I recently had a client with an urgent issue with a legacy classic ASP web application - users to his site were getting logged out immediately after logging into the site, or after visiting one or two pages. As with most classic ASP applications, user authentication information was being persisted in session state so this symptom implied that session state was not being maintained.
Session state problems usually arise from one of two causes:
- The user is not properly maintaining the session token. By default, the web server is able to associate a user with a particular session store through the use of a SessionID value that is stored on the user's browser via a cookie. Each time a user makes a request to the server, this cookie is sent along and, lo, the web server knows the user's SessionID. If the user's browser is configured to reject cookies, or if there is a proxy or firewall on the user's side that is stripping out this cookie, then each time the user makes a request to the server it will appear as if it's the user's first request and the server will generate a new SessionID and a new cookie for the user.
- A proxy server or firewall on the web server side is stripping out the cookie. It may be that the user is correctly storing and sending the session cookie, but that the hardware on the web server's side is stripping out the cookie before it can be read by the ASP or ASP.NET engine, causing the server to generate a new SessionID and a new cookie for the user on each request.
To narrow down the cause of the session problem, the first step is to fire up Fiddler and examine the HTTP traffic when visiting the site through a browser. In particular, look at the HTTP headers to see the Set-Cookie values sent from the server to the browser, and the Cookie value sent from the browser to the server. In running these initial tests, I saw that the browser was clearly sending the SessionID cookie to the server, but that the server was responding with a new SessionID cookie on most requests. However, every now and then the server would not send back a cookie at all, as if it had correctly identified the user by their SessioniD. Hrm....
My first inclination was to make sure that there was no hardware of software stripping out the cookie before it reached the server. To test this, create a page that dumps out the server variables to the screen, which include the cookies sent by the browser. (For code to do this in classic ASP, see: Using the Request.ServerVariables Object; for code in ASP.NET, see: Iterating Through ServerVariables in ASP.NET and C#.) If there was something stripping out the session cookie then when visiting this page through a browser I should see two things: in Fiddler I should see that the browser sends a Cookie HTTP Header, but in the output of the web page that lists the server variables I should not see that cookie information in the HTTP_COOKIE server variable.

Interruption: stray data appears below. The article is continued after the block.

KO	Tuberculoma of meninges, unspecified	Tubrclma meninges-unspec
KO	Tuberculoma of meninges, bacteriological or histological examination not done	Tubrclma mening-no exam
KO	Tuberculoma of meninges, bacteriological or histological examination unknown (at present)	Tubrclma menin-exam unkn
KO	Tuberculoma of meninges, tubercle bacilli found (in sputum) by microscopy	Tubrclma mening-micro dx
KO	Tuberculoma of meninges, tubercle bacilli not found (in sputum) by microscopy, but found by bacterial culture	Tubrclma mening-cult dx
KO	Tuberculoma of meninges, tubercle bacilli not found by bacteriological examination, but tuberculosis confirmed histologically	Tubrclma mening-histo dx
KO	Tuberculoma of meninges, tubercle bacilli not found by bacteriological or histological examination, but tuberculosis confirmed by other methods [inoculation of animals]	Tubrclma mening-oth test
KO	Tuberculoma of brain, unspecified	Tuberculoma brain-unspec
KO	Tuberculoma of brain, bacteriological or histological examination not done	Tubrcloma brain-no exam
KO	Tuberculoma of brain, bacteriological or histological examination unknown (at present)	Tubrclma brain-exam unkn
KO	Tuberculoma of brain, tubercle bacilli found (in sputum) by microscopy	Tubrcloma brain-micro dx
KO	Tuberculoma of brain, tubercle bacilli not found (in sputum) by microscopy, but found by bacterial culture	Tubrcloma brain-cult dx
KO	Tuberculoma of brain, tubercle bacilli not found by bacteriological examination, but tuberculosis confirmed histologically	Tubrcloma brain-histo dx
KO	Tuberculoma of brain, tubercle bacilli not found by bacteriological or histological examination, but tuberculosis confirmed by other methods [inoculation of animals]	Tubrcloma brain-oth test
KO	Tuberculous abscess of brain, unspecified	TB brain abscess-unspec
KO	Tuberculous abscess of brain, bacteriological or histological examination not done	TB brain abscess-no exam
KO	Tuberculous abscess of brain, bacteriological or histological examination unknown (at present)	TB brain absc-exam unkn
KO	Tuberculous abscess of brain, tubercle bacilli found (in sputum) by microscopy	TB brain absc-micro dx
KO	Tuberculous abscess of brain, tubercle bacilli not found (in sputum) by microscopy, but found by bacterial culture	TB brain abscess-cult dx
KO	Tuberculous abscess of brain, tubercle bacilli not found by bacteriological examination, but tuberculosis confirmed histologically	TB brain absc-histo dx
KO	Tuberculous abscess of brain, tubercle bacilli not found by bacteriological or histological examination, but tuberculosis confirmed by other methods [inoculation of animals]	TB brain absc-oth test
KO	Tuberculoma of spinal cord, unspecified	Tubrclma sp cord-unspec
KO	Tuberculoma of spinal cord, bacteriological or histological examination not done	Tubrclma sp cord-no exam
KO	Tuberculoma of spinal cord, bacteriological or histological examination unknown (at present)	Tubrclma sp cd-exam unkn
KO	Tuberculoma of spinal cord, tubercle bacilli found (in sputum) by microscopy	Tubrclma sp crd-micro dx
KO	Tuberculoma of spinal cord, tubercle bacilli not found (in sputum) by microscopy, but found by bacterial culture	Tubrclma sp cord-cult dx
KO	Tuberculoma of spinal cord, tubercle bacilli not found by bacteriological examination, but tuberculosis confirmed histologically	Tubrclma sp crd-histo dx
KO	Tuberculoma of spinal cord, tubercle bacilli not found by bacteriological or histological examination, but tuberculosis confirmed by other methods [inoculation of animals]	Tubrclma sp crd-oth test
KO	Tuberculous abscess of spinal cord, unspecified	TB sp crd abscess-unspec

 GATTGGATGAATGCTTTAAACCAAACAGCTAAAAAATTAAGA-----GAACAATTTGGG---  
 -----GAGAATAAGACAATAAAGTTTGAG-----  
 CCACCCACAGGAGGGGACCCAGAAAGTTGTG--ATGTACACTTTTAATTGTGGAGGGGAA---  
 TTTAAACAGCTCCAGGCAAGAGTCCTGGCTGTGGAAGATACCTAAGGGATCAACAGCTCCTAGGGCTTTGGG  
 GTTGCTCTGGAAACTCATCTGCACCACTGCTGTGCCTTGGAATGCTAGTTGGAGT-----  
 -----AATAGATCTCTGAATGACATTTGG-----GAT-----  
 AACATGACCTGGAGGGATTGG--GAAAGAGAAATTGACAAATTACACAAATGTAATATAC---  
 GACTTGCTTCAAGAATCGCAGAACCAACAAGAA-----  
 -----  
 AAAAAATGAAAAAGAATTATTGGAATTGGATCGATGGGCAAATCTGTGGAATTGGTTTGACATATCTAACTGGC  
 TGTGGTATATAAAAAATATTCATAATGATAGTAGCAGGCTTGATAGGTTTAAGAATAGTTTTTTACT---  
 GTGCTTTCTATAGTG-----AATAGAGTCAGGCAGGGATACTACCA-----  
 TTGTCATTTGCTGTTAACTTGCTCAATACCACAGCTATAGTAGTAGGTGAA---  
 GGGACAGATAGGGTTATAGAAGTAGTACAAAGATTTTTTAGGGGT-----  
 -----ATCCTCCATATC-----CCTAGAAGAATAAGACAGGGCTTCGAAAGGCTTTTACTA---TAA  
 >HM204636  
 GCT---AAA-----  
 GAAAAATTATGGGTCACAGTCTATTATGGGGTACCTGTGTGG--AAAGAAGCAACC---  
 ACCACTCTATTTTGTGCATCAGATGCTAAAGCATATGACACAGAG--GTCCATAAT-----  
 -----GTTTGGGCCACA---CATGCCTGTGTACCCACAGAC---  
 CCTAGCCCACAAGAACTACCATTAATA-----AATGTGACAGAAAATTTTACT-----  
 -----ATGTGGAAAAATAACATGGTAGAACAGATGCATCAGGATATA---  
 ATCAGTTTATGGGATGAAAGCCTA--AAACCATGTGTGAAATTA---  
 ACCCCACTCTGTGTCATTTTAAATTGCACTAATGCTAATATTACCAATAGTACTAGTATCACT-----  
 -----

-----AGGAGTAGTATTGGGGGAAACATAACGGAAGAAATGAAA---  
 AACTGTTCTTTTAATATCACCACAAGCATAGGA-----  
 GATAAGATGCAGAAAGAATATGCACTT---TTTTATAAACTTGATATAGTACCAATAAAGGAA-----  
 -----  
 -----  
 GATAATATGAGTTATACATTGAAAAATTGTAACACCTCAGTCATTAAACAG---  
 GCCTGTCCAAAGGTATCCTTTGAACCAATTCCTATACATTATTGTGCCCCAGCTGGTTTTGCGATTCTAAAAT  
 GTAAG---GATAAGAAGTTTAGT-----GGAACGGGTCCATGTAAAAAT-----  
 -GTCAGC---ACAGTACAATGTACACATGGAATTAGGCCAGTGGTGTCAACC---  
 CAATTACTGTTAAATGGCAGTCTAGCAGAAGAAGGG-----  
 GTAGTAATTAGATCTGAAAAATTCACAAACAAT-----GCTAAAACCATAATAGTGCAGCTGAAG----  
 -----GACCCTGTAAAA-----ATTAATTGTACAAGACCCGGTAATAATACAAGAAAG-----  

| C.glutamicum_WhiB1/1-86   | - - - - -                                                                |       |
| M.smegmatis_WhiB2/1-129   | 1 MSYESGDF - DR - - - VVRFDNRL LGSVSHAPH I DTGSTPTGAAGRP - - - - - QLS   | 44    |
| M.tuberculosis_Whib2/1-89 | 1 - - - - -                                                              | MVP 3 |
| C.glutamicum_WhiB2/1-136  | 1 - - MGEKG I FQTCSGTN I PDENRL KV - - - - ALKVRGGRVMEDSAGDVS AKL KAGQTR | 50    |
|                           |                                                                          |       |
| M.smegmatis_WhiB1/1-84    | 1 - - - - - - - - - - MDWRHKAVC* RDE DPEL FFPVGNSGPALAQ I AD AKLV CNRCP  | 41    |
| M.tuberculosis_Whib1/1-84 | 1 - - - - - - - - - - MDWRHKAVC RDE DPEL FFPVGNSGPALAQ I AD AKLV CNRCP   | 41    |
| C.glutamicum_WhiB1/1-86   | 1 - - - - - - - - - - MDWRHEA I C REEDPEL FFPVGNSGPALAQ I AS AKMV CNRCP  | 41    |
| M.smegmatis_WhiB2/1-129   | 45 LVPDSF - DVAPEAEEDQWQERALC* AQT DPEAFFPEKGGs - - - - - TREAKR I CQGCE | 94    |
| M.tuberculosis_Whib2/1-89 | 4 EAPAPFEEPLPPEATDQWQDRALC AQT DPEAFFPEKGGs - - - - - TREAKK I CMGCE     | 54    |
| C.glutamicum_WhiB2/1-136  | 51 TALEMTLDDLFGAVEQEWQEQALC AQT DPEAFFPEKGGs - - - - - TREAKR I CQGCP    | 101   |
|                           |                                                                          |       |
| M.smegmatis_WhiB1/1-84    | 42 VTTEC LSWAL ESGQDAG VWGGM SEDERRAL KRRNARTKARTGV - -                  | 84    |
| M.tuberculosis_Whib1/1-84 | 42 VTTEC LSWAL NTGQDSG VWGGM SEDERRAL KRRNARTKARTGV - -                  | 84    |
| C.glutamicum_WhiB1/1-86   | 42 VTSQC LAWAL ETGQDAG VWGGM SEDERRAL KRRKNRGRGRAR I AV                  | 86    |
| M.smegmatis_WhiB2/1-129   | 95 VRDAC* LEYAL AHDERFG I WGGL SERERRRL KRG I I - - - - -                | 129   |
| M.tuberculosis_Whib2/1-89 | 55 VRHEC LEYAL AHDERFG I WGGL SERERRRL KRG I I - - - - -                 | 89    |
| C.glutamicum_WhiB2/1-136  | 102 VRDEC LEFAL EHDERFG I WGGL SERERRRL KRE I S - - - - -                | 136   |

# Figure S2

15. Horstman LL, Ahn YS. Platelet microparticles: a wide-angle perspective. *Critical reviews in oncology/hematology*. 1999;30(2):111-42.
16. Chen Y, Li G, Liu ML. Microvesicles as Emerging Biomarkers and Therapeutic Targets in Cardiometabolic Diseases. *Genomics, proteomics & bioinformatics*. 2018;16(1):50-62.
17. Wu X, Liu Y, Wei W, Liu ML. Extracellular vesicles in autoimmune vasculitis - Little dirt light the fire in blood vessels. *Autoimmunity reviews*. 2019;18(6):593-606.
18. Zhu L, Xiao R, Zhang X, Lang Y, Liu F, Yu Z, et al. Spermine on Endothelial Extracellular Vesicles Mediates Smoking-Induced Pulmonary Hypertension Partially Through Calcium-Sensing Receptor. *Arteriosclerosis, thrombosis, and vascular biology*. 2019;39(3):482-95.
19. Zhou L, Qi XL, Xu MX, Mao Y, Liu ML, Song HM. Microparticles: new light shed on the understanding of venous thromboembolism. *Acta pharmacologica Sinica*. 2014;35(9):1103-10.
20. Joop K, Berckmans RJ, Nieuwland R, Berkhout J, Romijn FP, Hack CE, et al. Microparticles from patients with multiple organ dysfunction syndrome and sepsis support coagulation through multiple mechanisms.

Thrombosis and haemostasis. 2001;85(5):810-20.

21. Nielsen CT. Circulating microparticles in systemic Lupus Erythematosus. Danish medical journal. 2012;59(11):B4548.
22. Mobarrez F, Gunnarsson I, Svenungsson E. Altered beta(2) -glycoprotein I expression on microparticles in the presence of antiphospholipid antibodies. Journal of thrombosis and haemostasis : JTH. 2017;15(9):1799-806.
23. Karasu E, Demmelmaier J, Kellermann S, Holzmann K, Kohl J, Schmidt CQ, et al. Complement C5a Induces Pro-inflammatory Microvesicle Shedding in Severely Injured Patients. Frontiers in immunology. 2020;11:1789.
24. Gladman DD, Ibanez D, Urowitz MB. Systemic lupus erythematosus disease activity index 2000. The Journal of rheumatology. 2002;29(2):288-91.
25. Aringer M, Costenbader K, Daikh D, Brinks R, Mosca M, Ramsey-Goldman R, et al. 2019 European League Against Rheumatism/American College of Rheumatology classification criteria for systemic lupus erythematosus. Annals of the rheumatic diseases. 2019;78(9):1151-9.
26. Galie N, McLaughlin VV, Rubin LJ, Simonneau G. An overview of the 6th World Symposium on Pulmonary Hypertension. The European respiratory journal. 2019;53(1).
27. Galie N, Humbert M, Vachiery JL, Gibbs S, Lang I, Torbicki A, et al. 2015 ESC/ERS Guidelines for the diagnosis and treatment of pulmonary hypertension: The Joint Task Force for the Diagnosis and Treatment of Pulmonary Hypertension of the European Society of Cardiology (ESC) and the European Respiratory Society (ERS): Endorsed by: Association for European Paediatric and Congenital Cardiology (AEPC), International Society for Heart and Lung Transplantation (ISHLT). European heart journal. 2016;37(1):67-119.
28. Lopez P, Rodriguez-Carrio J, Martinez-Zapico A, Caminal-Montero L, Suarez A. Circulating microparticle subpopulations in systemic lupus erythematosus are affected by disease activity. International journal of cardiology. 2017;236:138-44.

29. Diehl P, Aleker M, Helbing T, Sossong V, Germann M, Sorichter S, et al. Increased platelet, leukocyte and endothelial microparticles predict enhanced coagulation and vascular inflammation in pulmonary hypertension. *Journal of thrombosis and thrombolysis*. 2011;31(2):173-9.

However, when I ran the above test I did see the cookie values. So the browser was correctly storing and sending the SessionID cookie, the server was receiving it, but for some reason it was creating a new session store on (almost) every request. What was going on?
After nearly two hours of searching the Internet and poking through IIS settings, it finally became clear - the client had configured the IIS Application Pool to use a 20-thread web garden. When you use a web garden you instruct IIS to spin up multiple worker processes to handle incoming requests. The idea is that each worker process can be migrated to a different core on a multi-core CPU and thereby improve scalability, performance, and reliability. (Nicholas Piasecki has an excellent overview of web gardens, their benefits, and common pitfalls over at his blog: On Web Gardens, ASP.NET, and IIS 6.0.) One potential issue with web gardens is that they do not support InProc Session State, as with InProc Session State the session data is stored in the same memory space as each worker process.
What was happening with this client is that when a user visited the site the request would be randomly dispatched to one fo the worker processes in the garden and it would create (and store) session state for that user, sending back a valid SessionID value. When the user went to the next page the browser sent back the SessionID as expected, but there was a 19/20 chance (95%) that the user would be sent to a different worker process in the garden. This different worker process would not have access to the session store in the original worker process and would therefore create a new session store and create a new SessionID cookie.
In ASP.NET you can configure session state to use the OutOfProc setting, which stores session data using a state server rather than at the worker process level; alternatively, you could configure session state to store session in SQL Server. Either configuration could be used to have session state work in a web garden. With classic ASP applications, there are no configuration options for session state storage. Consequently, the only fix was to disable the web garden. And anyway, I think that setting was made accidentally, as I don't know why this client would want to suddently increase the number of worker processes from 1 to 20, as this web application is hosted on a dedicated server and gets at most a few dozen unique users per day.
Long story short, the vast majority of session state problems center around the cookie not being properly saved by the client or by the server not getting the cookie due to some hardware or software stripping it out of the incoming request. But if you've exhausted those avenues, be sure to check the web garden setting for the application pool. It may save you a couple of hours! :-)